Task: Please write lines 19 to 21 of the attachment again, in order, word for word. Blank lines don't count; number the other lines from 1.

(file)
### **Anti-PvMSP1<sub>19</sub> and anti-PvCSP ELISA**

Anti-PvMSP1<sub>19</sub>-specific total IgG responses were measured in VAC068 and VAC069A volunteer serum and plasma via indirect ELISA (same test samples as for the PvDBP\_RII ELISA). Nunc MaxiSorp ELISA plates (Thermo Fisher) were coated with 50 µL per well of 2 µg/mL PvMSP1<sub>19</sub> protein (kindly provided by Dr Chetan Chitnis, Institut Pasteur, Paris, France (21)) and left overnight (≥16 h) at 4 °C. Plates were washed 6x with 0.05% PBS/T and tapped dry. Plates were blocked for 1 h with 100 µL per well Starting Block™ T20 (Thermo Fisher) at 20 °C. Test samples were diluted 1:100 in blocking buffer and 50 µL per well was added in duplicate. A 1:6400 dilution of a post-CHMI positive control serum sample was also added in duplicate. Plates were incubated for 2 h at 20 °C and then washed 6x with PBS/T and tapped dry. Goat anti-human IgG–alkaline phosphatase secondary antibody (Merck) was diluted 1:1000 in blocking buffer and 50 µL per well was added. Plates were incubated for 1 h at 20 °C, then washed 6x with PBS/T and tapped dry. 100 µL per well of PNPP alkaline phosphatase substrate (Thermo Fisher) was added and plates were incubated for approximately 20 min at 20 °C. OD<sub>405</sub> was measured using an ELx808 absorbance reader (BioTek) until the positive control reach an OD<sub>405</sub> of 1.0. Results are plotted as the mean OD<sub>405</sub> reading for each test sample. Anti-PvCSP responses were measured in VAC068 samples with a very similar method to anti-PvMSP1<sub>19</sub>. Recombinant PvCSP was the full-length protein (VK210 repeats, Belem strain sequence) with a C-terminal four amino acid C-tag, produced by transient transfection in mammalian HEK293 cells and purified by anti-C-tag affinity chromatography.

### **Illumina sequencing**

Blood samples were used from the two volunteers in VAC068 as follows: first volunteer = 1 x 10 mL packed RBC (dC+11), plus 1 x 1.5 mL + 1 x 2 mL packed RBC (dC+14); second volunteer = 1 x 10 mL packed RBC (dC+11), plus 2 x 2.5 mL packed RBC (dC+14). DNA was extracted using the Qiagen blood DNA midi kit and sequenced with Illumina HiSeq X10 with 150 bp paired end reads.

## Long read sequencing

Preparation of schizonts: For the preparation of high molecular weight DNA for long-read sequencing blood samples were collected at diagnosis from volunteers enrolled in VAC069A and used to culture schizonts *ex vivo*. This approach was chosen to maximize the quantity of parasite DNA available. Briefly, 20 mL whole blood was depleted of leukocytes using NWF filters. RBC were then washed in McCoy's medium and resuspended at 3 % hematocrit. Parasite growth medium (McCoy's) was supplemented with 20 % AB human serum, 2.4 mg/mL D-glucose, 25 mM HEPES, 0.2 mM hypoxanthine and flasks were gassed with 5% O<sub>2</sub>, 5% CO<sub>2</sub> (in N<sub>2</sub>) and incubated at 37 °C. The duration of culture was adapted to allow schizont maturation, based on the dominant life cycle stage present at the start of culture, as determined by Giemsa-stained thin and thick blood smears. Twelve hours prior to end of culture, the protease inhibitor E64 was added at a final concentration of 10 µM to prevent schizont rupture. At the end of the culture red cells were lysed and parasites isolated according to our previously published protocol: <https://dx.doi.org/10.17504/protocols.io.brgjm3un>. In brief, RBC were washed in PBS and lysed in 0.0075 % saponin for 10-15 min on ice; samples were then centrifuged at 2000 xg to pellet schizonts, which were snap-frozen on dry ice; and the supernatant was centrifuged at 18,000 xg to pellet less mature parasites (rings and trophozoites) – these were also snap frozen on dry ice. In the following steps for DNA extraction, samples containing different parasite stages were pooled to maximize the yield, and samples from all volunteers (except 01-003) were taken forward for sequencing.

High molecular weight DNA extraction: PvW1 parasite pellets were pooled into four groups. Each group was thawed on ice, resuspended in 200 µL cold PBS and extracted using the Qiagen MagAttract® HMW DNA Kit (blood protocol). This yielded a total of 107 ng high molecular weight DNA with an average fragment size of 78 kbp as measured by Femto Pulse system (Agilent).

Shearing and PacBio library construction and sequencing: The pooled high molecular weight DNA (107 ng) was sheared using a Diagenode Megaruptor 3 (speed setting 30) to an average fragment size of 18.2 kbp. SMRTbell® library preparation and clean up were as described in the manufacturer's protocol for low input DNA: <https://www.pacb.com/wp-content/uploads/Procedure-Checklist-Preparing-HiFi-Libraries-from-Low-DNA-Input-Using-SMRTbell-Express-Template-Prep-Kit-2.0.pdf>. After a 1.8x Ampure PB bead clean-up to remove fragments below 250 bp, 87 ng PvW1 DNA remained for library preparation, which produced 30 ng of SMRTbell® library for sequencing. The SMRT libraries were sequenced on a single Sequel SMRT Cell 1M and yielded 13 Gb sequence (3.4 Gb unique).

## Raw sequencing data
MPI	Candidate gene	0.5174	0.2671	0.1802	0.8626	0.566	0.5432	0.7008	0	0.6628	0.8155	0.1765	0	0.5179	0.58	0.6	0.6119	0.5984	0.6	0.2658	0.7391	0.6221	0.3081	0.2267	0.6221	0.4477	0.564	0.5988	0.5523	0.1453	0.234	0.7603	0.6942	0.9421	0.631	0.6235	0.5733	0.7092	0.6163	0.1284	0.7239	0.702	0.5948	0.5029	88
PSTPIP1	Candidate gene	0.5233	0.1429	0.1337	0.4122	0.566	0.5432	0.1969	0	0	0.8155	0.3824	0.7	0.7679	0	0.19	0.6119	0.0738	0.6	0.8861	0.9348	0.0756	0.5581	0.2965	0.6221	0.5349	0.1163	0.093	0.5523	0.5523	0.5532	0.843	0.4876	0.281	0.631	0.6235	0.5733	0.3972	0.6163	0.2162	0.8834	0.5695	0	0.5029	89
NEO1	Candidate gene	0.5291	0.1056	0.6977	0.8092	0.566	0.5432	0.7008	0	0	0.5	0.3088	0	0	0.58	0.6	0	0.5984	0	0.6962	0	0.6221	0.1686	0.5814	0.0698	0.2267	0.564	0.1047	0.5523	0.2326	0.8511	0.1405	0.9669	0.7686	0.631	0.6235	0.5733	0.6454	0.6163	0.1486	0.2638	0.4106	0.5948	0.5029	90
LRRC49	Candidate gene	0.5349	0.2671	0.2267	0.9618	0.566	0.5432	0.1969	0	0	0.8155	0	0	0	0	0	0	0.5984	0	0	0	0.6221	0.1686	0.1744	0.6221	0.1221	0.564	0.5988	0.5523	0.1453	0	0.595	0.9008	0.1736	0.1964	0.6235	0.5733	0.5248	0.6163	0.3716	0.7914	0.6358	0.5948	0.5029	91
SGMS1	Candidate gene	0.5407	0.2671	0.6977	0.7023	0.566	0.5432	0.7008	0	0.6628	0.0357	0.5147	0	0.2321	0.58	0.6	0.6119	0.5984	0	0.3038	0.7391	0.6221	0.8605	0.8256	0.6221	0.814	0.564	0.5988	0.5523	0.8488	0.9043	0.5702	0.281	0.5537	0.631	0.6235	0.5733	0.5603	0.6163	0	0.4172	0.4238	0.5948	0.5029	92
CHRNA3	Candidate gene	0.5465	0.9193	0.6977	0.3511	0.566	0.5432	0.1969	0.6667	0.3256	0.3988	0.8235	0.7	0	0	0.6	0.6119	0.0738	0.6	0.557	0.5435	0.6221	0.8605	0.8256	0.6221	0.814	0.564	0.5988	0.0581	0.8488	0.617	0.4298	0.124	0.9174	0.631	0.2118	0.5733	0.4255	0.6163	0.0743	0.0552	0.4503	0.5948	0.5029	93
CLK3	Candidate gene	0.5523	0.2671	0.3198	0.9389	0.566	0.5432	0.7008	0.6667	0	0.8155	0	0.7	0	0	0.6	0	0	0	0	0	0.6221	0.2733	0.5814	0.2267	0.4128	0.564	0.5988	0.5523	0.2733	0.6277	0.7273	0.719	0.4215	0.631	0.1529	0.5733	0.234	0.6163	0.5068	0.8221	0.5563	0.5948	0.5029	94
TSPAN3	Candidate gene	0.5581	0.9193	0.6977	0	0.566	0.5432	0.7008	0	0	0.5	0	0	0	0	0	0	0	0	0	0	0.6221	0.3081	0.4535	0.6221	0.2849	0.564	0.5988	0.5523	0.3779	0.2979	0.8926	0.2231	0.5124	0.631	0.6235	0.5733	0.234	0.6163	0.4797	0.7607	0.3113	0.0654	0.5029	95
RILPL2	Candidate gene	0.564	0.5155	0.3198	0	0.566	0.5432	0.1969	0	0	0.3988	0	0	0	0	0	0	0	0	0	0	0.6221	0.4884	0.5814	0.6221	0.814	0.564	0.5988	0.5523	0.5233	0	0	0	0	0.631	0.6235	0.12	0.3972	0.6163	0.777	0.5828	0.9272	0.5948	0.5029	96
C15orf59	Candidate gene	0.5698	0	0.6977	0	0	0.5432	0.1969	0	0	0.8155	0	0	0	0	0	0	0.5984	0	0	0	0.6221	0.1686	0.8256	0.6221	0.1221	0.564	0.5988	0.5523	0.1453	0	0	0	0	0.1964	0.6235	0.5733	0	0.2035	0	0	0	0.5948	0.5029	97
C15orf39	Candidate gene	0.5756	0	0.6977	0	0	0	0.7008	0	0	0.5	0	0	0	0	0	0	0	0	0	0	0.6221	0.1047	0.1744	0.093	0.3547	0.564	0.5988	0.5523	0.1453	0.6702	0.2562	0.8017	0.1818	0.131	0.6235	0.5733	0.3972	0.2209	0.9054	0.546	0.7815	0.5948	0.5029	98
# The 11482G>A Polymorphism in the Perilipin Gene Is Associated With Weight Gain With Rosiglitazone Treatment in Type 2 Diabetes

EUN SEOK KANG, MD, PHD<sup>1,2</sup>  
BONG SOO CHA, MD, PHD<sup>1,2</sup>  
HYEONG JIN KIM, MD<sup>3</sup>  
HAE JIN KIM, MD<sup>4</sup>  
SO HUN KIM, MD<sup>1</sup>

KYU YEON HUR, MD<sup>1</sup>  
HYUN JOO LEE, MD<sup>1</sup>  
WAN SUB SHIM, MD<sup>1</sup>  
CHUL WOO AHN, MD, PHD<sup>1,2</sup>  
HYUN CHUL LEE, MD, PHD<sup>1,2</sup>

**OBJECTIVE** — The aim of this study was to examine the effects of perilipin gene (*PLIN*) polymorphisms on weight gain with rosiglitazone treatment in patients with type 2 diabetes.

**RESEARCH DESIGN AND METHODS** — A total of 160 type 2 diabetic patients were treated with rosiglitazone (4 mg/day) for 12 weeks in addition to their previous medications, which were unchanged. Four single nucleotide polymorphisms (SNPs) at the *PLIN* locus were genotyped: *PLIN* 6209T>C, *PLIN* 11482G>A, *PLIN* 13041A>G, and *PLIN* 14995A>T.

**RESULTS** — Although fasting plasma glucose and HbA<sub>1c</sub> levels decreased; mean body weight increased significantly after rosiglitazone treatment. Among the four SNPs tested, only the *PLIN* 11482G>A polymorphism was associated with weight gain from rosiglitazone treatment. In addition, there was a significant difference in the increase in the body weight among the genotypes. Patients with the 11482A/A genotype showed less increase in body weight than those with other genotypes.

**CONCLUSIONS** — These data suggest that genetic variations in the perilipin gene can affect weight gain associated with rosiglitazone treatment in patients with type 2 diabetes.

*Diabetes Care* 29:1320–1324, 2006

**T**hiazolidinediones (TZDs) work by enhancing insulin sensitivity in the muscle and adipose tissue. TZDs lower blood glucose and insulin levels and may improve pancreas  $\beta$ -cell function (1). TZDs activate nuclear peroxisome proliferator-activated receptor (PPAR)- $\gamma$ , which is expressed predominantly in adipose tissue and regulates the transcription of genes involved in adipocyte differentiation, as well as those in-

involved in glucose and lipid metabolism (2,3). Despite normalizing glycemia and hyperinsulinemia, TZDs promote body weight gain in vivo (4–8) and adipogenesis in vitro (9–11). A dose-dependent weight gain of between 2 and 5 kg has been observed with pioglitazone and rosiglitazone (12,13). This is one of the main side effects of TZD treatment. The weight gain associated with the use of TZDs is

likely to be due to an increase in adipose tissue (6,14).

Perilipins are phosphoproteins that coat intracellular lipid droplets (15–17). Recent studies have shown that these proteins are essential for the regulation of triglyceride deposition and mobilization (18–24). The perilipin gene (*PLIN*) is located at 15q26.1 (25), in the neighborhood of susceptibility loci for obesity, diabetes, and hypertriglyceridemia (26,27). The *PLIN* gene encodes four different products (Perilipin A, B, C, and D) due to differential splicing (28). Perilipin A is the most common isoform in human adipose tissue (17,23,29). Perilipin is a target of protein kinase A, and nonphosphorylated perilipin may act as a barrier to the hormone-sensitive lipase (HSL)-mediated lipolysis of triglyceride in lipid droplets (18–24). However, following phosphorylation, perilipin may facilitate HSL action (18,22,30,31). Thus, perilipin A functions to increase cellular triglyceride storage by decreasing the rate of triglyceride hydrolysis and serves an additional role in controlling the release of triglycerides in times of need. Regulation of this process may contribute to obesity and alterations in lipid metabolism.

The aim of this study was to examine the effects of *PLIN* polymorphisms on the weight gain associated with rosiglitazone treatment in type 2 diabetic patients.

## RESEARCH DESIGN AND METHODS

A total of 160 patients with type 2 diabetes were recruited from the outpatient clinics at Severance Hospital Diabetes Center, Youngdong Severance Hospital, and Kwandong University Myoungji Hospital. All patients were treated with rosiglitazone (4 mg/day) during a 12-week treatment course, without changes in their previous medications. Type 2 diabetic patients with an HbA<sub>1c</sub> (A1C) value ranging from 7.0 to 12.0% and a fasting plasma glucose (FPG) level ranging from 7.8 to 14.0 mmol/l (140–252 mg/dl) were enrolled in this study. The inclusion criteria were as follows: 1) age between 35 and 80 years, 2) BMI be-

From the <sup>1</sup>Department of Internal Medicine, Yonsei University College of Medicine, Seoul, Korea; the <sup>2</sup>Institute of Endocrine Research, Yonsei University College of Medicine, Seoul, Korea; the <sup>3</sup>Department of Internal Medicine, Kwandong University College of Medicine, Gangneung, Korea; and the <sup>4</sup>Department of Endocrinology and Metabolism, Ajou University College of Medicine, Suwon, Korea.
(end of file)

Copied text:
C15orf59	Candidate gene	0.5698	0	0.6977	0	0	0.5432	0.1969	0	0	0.8155	0	0	0	0	0	0	0.5984	0	0	0	0.6221	0.1686	0.8256	0.6221	0.1221	0.564	0.5988	0.5523	0.1453	0	0	0	0	0.1964	0.6235	0.5733	0	0.2035	0	0	0	0.5948	0.5029	97
C15orf39	Candidate gene	0.5756	0	0.6977	0	0	0	0.7008	0	0	0.5	0	0	0	0	0	0	0	0	0	0	0.6221	0.1047	0.1744	0.093	0.3547	0.564	0.5988	0.5523	0.1453	0.6702	0.2562	0.8017	0.1818	0.131	0.6235	0.5733	0.3972	0.2209	0.9054	0.546	0.7815	0.5948	0.5029	98
# The 11482G>A Polymorphism in the Perilipin Gene Is Associated With Weight Gain With Rosiglitazone Treatment in Type 2 Diabetes